The fight against climate change is a high priority in most European countries. Through the European Green Deal, Europe wants to become climate neutral by 2050. Meeting that commitment implies a radical reduction of CO2 and other greenhouse gas emissions, the most important driving force behind global warming. Flanders supports the European long-term objective of reducing greenhouse gas emissions by 80-95% by 2050 compared to 1990.
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Moonshot: full swing to a carbon-neutral Flanders by 2050
In order to achieve that objective, the government launched Moonshot, an industrial innovation program. Its aim is not to fly to the moon and back, but to foster carbon neutral industrial activities by 2050. The government of Flanders asked Catalisti, the spearhead cluster for Flanders’ chemical and plastics industry, to take the lead in putting this industrial innovation program into practice. It also invested EUR 3 million into research to tackle the chemical sector's biggest CO2 emitter: crackers.
If you want to change something about the CO2 emissions of the chemical sector in Flanders, then crackers have to be the first point of attention.
Crackers or cracker units are basic plants on which entire petrochemical clusters are built. Naphtha is 'cracked' into ethylene, propylene and butadiene, which in turn form the basis for all kinds of plastics that are used in anything from car bumpers and toothbrushes to PET bottles. Cracking takes place in large furnaces through which reactor tubes containing naphtha and steam pass. The naphtha is heated to 830 degrees by burning natural gas. In the process, CO2 is released. So far, that’s how the cracking process has worked.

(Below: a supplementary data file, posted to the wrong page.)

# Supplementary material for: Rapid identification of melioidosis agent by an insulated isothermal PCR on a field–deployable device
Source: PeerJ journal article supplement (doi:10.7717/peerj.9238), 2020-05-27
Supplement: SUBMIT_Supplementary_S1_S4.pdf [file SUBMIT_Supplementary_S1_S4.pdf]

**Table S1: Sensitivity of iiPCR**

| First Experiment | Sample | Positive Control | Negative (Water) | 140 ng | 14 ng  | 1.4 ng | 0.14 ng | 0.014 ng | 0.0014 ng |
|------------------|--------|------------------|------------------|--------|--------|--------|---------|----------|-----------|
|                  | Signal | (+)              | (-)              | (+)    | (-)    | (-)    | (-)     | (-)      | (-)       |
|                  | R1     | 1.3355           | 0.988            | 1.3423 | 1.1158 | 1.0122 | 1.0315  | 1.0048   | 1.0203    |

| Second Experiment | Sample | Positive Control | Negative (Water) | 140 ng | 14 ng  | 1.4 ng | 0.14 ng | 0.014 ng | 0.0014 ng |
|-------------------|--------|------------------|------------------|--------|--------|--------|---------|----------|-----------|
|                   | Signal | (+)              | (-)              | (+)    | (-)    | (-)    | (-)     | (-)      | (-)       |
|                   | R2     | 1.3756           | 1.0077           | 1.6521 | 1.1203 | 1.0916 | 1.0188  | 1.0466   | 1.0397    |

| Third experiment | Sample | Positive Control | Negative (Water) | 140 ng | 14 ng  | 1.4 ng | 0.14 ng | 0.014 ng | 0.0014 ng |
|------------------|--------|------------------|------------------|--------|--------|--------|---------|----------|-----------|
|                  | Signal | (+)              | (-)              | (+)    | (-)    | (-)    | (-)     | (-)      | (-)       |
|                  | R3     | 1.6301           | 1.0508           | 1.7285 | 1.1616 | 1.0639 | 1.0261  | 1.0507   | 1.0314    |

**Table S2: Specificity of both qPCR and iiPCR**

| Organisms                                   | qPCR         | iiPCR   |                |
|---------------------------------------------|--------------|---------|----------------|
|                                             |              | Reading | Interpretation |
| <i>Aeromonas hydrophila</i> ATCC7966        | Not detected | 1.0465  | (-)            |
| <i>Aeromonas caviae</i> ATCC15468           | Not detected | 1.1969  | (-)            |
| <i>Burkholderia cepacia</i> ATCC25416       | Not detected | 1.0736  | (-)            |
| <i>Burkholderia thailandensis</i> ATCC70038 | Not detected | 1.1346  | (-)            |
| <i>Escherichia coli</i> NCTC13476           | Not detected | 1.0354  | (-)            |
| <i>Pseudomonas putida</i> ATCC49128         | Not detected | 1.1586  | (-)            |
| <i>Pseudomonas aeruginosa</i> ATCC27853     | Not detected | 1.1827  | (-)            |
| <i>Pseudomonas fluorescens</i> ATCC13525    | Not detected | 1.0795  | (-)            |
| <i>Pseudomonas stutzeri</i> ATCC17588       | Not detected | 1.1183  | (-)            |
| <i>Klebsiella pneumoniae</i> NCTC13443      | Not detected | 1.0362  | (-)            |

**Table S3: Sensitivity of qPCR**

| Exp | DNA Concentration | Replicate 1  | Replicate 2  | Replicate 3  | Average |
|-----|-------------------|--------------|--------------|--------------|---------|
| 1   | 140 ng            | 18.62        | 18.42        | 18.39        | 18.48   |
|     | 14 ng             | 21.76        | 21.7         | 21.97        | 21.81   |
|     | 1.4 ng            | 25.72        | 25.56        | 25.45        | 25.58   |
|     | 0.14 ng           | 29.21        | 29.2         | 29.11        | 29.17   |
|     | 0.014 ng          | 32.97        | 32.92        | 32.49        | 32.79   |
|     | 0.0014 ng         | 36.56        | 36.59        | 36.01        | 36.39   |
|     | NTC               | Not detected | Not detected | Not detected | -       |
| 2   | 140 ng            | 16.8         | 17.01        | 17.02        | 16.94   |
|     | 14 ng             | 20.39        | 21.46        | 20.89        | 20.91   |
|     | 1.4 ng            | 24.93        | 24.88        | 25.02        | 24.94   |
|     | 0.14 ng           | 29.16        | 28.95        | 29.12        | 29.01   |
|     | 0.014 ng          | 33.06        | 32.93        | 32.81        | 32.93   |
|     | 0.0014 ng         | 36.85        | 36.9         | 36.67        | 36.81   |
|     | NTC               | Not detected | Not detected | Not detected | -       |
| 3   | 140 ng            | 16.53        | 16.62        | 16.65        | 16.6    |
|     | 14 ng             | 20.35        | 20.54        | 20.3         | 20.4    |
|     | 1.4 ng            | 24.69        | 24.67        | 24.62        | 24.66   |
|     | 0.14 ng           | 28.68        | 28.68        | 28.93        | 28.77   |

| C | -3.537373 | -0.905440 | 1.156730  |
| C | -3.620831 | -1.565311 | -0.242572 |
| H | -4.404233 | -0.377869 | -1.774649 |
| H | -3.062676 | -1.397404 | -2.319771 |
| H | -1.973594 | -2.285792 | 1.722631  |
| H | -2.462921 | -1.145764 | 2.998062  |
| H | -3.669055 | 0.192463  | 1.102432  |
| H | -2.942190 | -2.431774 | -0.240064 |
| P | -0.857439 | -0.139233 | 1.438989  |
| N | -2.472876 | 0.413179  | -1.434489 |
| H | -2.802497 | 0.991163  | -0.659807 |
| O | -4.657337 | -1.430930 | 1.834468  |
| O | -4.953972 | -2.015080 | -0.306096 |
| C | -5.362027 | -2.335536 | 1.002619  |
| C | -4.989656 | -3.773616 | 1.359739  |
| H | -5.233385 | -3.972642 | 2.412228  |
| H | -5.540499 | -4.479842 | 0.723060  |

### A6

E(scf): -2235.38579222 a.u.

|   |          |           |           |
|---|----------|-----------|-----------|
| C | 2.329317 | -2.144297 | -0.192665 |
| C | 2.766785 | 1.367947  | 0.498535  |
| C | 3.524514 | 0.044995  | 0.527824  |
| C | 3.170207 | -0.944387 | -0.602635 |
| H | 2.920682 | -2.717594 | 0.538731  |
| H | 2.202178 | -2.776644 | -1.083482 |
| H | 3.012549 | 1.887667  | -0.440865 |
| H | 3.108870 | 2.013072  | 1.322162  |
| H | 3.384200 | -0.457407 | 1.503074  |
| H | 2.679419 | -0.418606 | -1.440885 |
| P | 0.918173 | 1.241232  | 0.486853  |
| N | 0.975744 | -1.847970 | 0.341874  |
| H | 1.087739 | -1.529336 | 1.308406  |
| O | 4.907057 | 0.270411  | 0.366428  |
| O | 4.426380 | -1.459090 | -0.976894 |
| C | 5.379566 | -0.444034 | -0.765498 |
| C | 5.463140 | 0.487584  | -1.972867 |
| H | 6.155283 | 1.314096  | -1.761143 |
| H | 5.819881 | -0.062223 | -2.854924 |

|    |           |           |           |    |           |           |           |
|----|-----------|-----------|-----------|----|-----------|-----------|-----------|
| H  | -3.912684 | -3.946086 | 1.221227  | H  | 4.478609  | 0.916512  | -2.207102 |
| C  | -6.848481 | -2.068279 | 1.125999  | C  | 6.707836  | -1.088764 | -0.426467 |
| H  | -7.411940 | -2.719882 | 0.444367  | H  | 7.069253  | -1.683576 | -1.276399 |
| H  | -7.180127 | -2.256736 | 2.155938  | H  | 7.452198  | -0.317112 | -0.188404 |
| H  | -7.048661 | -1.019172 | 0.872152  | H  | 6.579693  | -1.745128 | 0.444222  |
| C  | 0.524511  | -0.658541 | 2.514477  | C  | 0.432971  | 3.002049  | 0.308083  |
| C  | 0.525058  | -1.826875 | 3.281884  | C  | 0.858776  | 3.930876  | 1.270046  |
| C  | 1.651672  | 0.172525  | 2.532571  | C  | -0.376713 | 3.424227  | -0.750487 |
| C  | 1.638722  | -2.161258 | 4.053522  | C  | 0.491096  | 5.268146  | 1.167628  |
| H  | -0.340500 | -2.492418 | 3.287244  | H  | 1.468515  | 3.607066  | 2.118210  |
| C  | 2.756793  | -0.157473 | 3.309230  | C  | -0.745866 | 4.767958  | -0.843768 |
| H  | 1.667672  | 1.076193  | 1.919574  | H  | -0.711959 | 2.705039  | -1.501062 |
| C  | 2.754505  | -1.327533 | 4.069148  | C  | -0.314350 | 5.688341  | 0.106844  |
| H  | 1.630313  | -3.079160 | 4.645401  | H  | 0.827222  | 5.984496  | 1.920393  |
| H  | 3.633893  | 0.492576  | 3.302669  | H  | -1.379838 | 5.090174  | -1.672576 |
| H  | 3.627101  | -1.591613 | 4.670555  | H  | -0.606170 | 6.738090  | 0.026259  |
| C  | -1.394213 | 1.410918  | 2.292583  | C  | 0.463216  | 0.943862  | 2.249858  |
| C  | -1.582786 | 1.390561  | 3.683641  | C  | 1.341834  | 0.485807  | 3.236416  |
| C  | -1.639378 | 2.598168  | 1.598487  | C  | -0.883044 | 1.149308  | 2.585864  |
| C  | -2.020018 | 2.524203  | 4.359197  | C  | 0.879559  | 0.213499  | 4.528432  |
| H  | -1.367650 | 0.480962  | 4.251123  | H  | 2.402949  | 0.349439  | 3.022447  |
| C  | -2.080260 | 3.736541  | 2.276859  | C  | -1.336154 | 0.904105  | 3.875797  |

Six petrochemical companies, BASF, Borealis, BP, LyondellBasell, SABIC and Total, which are based in Belgium, Germany, and the Netherlands, created a consortium – aptly named ‘cracker of the future’ – to investigate how naphtha or gas steam crackers could be operated using renewable electricity instead of fossil fuels. Precedents already exist: in home heating systems, natural gas is making way for electrically driven heat pumps. This electrification could prove a viable option in the chemical industry.
The impact might be enormous: the BASF and Total crackers located at the Port of Antwerp alone could avoid 2.6 million tons of CO2 emissions annually. That’s a quarter of the total emissions of the entire chemical sector.
However, there are key challenges in developing electricity-based cracker technology, such as ensuring that the process is technologically and economically feasible.
Walter Vermeiren, technology intelligence manager at Total and chairman of the consortium, trusts that the technology will be available at some point, but that a lot still hinges on the investment costs and the availability of sufficient and affordable renewable energy.
Els Brouwers, climate expert at essenscia, the Belgian association of chemical companies, sees other options besides electrification. Among those are the development of products based on renewable raw materials, chemical recycling of plastics, green hydrogen for the production of ammonia, the capture and storage of CO₂ and its reuse.
"It's a big puzzle we have to fit together," Brouwers admits. "A big advantage is that we have a large industrial cluster in Flanders. That makes the region an ideal test zone for this type of innovation.”